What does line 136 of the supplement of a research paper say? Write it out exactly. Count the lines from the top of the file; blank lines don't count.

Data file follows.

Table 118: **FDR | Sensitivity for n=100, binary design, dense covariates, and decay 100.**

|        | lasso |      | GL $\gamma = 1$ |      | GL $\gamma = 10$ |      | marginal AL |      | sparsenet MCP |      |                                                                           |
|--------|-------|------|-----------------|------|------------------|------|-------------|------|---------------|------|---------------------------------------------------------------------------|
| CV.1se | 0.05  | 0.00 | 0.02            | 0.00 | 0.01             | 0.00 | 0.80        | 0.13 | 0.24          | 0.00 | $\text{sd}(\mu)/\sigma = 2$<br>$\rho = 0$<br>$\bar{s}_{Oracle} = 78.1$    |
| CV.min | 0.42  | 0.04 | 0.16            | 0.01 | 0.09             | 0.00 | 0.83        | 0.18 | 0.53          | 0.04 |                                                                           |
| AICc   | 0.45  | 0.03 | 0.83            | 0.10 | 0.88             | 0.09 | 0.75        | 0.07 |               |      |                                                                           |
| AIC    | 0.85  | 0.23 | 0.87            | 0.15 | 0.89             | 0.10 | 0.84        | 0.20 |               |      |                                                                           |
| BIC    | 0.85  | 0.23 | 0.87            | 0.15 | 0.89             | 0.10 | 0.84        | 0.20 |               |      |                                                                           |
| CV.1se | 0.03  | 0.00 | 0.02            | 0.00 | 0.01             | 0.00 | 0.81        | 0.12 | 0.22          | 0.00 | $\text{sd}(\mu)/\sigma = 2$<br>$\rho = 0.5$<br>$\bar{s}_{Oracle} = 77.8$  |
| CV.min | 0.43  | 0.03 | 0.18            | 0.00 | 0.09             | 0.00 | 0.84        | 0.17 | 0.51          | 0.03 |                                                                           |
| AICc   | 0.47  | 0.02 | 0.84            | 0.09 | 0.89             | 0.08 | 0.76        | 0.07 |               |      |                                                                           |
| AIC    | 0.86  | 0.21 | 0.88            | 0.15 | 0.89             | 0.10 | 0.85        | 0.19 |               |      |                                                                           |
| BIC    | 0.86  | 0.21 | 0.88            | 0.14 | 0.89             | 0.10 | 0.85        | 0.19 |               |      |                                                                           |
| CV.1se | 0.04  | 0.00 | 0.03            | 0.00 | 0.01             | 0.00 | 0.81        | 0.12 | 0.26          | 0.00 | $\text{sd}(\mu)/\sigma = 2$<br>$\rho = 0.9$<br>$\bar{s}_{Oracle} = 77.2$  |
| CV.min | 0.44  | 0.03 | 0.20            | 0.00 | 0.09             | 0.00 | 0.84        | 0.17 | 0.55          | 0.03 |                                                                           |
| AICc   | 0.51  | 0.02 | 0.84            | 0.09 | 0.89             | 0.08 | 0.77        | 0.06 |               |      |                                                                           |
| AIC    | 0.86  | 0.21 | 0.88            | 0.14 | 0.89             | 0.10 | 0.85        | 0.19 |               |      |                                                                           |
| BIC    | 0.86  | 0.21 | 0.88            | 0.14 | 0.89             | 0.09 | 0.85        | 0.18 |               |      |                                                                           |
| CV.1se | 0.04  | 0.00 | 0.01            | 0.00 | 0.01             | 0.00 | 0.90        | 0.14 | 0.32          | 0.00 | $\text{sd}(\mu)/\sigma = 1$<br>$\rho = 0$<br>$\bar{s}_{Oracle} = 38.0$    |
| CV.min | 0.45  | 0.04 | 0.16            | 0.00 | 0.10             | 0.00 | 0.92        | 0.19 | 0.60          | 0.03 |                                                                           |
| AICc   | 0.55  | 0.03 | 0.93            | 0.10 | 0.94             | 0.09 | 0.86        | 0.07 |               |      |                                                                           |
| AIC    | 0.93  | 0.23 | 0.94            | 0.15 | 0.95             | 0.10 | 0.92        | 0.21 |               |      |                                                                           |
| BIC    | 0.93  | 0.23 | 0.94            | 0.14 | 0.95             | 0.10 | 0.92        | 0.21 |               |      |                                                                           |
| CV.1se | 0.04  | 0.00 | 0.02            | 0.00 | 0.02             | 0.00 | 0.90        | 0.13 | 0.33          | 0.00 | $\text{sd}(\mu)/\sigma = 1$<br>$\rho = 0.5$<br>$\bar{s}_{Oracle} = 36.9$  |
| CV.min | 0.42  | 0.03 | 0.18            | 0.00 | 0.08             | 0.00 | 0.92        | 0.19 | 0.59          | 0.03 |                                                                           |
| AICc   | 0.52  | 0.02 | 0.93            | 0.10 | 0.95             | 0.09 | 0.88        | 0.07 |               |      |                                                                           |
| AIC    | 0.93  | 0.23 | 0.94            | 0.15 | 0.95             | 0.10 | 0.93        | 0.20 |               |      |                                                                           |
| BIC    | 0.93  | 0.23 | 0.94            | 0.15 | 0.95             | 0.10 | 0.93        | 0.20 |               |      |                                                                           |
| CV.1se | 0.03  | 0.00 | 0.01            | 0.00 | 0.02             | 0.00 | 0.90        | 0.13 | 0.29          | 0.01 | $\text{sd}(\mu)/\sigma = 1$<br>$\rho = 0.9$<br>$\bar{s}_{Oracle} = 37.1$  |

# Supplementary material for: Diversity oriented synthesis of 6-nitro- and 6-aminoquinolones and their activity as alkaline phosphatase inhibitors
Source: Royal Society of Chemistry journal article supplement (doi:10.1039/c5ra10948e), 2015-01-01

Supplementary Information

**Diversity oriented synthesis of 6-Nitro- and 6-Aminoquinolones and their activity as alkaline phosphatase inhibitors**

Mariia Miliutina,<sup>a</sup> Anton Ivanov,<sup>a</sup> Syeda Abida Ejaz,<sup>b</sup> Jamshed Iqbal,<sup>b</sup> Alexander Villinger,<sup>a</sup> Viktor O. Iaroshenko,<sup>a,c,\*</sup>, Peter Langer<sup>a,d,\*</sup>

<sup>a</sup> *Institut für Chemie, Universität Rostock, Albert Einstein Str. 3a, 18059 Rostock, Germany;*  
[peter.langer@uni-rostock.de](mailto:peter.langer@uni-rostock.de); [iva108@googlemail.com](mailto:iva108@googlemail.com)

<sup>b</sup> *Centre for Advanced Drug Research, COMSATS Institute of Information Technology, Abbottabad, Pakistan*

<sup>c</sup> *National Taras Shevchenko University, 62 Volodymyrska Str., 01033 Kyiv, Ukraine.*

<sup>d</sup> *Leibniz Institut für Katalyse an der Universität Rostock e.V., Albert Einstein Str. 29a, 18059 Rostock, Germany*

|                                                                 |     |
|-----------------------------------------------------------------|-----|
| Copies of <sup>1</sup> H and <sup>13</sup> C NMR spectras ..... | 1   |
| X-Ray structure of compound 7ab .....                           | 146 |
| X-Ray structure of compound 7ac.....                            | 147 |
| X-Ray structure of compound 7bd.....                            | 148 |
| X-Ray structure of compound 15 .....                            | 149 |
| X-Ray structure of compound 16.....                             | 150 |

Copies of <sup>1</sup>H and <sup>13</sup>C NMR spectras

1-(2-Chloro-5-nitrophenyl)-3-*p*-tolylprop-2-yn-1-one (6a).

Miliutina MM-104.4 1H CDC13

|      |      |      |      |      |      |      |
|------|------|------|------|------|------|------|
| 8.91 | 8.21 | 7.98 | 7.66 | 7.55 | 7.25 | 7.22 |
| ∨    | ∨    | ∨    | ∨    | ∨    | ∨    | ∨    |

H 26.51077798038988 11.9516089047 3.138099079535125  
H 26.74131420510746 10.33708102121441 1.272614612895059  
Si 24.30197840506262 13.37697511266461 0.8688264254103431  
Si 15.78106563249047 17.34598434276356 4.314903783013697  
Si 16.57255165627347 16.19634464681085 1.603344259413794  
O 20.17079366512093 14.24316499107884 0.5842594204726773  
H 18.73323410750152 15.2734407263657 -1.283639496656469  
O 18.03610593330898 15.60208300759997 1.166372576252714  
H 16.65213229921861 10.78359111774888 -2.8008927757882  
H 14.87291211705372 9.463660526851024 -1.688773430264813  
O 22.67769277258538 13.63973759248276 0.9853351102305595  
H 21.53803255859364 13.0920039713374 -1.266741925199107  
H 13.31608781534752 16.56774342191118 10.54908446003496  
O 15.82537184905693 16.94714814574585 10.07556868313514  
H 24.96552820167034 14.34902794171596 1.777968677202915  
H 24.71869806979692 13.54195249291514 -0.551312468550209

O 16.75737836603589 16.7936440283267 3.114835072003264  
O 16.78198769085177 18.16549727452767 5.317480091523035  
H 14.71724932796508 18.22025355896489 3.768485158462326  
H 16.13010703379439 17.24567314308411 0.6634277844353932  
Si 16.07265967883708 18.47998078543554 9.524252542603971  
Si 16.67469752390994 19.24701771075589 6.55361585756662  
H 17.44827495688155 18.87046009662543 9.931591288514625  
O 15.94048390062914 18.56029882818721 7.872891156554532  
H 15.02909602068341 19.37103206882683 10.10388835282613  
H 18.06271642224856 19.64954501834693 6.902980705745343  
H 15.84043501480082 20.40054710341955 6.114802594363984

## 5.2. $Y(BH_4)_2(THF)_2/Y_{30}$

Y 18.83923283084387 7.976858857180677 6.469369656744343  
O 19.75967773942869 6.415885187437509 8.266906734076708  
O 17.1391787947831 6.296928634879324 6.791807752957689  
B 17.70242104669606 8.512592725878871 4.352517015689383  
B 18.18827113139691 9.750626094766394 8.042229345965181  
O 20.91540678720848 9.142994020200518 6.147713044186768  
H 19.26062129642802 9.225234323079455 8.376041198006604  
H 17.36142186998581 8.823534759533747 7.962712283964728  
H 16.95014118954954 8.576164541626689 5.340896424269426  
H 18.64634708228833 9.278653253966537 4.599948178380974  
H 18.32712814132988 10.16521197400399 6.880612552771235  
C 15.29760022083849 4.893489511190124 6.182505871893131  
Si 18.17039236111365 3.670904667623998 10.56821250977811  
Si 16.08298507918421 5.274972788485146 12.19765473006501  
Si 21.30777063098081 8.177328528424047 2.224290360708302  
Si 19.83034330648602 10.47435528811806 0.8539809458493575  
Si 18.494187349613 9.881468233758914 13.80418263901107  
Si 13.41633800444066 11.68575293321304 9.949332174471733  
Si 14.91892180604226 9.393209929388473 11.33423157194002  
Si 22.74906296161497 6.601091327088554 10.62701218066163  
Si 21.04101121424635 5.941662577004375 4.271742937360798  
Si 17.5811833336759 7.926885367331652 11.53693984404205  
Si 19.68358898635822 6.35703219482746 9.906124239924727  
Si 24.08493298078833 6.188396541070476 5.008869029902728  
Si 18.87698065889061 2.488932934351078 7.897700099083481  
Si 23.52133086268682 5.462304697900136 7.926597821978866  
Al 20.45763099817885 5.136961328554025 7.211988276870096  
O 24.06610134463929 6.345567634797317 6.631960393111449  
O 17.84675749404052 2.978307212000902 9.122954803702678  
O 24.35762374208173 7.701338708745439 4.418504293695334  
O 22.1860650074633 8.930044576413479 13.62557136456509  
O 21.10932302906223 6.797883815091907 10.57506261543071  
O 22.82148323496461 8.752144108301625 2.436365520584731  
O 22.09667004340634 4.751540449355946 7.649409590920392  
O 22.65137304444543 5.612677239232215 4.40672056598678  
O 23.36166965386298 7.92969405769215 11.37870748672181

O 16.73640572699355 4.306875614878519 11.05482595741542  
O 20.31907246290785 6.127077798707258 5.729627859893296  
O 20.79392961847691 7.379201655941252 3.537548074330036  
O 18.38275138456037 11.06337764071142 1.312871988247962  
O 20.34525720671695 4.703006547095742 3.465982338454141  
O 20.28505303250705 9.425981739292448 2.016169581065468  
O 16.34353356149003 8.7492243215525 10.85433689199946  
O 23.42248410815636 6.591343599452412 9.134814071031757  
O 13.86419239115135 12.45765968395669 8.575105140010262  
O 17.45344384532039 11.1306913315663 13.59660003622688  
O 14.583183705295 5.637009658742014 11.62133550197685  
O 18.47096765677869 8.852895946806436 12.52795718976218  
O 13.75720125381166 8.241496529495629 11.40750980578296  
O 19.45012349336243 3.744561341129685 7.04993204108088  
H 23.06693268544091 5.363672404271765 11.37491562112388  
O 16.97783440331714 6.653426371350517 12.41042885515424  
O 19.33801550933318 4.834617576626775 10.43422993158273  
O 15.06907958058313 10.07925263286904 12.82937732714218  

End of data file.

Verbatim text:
O 15.06907958058313 10.07925263286904 12.82937732714218  